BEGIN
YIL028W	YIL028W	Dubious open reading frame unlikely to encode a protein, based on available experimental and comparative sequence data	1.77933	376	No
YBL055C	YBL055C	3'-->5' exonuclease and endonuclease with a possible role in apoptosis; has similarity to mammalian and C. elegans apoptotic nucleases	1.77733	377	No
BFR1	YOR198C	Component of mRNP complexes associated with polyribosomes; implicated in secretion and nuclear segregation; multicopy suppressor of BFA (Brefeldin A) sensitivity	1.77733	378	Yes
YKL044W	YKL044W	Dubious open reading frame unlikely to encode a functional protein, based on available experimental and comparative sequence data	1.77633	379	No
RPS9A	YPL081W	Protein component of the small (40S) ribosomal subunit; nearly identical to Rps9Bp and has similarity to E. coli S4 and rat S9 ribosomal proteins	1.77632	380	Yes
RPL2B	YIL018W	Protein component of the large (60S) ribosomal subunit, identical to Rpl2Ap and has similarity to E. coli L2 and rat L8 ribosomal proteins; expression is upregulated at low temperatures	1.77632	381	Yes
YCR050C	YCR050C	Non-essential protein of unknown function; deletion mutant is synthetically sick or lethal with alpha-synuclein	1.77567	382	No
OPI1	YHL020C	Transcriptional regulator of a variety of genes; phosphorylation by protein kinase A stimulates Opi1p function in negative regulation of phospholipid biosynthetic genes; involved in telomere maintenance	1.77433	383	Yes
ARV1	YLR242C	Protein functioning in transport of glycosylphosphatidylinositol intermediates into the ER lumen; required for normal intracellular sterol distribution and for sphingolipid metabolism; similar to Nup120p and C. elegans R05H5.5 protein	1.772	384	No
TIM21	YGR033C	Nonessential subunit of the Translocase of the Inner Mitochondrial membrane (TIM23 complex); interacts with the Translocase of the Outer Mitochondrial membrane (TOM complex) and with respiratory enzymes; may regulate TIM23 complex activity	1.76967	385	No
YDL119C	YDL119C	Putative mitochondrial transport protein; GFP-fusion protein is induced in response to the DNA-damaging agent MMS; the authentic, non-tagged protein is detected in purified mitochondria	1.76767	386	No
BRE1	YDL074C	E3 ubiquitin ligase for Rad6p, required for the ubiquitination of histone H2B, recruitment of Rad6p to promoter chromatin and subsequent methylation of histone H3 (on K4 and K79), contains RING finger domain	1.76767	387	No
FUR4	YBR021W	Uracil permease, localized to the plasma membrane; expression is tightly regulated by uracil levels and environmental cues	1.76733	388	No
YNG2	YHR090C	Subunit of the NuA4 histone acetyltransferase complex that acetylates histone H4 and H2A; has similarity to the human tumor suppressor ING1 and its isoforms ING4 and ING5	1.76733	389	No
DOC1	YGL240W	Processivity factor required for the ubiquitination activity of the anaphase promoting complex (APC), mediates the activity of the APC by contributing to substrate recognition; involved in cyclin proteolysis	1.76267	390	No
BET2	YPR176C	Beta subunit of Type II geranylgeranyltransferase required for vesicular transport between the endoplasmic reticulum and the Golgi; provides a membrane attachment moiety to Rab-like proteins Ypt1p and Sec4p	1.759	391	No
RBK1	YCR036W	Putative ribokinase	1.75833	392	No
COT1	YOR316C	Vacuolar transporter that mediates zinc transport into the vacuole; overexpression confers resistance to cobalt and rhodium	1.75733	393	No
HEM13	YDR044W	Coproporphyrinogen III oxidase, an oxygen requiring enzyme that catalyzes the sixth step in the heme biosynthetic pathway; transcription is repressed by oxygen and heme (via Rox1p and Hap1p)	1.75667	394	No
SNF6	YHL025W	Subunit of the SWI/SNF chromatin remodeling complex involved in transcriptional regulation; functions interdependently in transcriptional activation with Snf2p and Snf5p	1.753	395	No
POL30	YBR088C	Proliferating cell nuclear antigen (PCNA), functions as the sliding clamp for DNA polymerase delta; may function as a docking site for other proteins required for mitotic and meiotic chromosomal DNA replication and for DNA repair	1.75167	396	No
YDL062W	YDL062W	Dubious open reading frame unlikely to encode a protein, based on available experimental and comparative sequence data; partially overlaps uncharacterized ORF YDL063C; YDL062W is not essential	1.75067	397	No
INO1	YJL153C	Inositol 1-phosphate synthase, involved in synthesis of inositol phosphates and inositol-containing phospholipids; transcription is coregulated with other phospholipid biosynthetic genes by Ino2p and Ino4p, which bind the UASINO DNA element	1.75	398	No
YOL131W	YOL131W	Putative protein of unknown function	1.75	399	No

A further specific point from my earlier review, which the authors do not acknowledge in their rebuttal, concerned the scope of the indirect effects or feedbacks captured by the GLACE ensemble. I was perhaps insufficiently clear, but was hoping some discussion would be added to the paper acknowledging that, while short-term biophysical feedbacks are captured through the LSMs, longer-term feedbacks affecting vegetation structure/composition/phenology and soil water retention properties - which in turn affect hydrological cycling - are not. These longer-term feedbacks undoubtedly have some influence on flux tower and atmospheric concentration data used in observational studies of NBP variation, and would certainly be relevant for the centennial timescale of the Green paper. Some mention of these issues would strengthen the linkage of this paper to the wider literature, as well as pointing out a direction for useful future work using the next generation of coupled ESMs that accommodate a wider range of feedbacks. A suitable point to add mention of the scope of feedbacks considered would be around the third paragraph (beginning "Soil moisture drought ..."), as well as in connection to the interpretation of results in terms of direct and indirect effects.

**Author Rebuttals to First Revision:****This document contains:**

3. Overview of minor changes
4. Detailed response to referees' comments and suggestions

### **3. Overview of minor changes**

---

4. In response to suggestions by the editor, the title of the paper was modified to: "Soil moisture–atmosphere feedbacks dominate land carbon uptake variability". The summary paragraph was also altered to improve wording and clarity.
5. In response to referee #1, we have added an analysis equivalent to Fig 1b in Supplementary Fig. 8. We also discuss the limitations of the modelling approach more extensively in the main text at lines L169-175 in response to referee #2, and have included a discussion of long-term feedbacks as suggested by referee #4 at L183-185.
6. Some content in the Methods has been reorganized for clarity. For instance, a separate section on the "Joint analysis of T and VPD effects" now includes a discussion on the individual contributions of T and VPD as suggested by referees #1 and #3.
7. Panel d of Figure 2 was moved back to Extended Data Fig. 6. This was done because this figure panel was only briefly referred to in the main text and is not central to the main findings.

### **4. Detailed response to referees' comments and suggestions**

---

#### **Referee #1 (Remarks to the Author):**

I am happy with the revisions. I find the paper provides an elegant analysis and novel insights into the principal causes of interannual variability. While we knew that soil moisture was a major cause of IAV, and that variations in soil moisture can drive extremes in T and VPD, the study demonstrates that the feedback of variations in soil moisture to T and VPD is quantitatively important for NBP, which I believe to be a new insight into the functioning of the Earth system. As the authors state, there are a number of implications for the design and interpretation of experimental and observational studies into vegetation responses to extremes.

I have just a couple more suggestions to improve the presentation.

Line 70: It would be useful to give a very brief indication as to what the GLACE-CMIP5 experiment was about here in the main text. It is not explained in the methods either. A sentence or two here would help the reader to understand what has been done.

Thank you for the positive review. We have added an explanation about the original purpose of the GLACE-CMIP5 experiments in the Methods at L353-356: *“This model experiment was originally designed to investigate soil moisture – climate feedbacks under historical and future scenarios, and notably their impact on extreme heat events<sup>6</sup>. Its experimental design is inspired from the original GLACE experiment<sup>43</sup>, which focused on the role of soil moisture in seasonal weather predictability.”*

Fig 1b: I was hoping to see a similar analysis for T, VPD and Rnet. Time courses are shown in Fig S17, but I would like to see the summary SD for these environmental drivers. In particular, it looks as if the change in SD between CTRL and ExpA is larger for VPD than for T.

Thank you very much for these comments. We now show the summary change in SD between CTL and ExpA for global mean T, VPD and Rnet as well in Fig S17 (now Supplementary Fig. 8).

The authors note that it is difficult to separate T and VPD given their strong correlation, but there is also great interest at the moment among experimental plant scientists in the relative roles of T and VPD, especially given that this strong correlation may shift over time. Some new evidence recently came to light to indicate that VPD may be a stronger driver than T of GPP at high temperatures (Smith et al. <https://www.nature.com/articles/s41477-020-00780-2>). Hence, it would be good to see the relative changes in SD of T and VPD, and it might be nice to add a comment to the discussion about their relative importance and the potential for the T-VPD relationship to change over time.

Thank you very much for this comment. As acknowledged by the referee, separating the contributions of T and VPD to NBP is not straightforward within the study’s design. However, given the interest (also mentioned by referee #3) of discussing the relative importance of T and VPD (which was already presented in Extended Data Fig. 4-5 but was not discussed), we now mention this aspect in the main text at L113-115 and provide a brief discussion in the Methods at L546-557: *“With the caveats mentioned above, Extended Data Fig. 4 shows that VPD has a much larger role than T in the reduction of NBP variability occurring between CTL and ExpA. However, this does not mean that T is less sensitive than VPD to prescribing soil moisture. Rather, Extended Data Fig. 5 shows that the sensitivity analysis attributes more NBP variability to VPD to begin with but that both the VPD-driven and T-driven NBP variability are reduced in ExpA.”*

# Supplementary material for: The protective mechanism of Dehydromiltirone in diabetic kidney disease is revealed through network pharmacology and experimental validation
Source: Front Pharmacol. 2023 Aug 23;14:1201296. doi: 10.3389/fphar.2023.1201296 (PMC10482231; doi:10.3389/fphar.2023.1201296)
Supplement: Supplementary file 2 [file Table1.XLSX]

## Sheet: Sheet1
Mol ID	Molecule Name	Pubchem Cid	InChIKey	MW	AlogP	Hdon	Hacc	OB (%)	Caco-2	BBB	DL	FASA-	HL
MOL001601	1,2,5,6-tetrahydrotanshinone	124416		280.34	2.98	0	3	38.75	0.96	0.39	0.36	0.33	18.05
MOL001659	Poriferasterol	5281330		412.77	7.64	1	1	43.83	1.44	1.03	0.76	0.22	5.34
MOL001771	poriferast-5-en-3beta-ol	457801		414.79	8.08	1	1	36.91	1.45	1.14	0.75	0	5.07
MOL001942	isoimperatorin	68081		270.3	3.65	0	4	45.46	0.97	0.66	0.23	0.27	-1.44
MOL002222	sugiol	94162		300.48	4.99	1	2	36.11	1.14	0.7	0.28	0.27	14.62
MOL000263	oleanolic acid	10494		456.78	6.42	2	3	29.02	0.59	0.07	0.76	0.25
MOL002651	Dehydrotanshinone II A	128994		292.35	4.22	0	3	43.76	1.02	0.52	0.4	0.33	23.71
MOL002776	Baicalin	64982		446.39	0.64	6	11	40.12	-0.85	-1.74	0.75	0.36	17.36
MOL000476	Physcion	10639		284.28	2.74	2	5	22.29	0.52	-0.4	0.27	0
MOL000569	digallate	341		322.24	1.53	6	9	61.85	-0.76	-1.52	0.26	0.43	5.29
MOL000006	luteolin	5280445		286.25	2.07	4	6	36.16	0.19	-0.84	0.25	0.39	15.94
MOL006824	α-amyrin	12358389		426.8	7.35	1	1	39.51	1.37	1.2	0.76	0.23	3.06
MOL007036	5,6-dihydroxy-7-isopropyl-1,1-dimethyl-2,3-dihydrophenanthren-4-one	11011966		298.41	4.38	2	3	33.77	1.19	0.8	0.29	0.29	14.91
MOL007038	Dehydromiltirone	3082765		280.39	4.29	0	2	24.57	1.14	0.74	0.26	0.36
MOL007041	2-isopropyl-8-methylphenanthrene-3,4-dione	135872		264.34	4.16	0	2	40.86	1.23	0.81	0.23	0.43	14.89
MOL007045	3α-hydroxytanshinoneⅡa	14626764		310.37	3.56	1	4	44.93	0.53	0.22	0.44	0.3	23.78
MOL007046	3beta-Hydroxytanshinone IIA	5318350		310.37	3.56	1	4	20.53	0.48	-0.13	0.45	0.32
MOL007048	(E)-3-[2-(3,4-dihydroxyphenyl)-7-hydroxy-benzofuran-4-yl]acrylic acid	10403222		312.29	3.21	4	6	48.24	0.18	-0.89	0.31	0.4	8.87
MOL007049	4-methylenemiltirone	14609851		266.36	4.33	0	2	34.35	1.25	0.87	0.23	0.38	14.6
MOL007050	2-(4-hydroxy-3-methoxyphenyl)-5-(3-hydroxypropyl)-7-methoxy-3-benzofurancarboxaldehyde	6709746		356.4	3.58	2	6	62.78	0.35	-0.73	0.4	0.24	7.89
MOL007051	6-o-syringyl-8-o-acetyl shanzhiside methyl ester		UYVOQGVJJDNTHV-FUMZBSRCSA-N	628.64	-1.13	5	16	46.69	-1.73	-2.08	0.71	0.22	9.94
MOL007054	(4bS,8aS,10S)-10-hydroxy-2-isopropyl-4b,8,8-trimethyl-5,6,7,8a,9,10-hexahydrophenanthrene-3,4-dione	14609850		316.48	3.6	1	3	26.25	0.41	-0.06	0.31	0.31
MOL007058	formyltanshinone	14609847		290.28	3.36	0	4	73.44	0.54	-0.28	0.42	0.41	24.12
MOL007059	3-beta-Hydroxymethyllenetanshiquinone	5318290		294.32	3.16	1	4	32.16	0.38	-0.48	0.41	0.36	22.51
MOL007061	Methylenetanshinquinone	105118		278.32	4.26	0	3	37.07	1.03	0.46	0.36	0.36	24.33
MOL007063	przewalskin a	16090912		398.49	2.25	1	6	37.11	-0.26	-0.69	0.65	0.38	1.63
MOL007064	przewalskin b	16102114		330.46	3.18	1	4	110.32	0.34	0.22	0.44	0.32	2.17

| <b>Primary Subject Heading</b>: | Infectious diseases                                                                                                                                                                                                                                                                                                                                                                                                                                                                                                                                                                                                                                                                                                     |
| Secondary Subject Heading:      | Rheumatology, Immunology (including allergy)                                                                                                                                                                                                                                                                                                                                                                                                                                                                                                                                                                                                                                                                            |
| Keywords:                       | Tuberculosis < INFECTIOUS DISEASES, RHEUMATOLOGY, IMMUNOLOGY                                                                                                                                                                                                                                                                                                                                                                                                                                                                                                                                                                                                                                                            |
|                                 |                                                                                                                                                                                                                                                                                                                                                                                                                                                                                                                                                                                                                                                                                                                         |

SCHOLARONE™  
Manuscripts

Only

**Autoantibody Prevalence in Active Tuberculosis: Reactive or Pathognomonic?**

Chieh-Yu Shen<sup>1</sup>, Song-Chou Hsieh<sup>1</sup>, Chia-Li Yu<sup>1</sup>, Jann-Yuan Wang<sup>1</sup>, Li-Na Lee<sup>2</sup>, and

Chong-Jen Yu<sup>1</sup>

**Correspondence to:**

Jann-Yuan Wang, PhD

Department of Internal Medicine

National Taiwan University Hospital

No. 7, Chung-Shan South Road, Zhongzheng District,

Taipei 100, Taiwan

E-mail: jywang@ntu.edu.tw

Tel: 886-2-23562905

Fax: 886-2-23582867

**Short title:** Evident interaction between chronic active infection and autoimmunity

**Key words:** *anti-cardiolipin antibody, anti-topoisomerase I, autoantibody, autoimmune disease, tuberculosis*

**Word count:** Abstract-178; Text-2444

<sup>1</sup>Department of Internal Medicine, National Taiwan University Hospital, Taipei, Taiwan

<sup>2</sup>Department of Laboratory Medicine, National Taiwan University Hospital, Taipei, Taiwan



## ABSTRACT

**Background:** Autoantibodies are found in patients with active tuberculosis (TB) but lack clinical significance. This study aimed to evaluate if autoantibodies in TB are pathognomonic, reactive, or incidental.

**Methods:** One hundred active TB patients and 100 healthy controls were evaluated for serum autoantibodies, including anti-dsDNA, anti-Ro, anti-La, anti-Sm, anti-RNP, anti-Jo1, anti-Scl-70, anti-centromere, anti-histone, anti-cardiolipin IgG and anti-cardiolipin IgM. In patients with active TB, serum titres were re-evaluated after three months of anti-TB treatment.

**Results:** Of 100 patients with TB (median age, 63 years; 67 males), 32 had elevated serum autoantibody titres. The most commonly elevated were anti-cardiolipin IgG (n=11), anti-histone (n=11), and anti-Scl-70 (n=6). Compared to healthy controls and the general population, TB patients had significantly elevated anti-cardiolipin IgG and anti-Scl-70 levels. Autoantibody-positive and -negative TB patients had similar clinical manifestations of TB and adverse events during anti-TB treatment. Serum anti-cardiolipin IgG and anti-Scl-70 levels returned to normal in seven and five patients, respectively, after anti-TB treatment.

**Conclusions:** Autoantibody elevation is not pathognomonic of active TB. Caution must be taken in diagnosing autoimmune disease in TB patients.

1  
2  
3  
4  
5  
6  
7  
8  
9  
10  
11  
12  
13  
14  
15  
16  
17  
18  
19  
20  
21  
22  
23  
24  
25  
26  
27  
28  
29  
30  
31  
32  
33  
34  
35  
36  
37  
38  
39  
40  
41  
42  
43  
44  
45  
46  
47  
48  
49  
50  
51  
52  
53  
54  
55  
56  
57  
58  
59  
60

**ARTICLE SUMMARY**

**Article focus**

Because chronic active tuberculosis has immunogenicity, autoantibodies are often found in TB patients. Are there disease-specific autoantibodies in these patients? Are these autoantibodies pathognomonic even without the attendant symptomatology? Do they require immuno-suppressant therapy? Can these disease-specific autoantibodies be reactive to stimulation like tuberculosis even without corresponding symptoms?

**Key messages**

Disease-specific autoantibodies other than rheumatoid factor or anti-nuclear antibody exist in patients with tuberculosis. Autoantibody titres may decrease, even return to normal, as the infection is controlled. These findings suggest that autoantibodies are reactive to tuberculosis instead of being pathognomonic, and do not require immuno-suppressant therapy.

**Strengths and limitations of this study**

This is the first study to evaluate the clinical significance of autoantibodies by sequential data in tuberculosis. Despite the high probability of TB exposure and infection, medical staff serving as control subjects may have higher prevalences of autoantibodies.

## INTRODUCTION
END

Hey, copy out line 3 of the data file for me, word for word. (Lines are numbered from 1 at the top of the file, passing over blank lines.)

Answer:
BFR1	YOR198C	Component of mRNP complexes associated with polyribosomes; implicated in secretion and nuclear segregation; multicopy suppressor of BFA (Brefeldin A) sensitivity	1.77733	378	Yes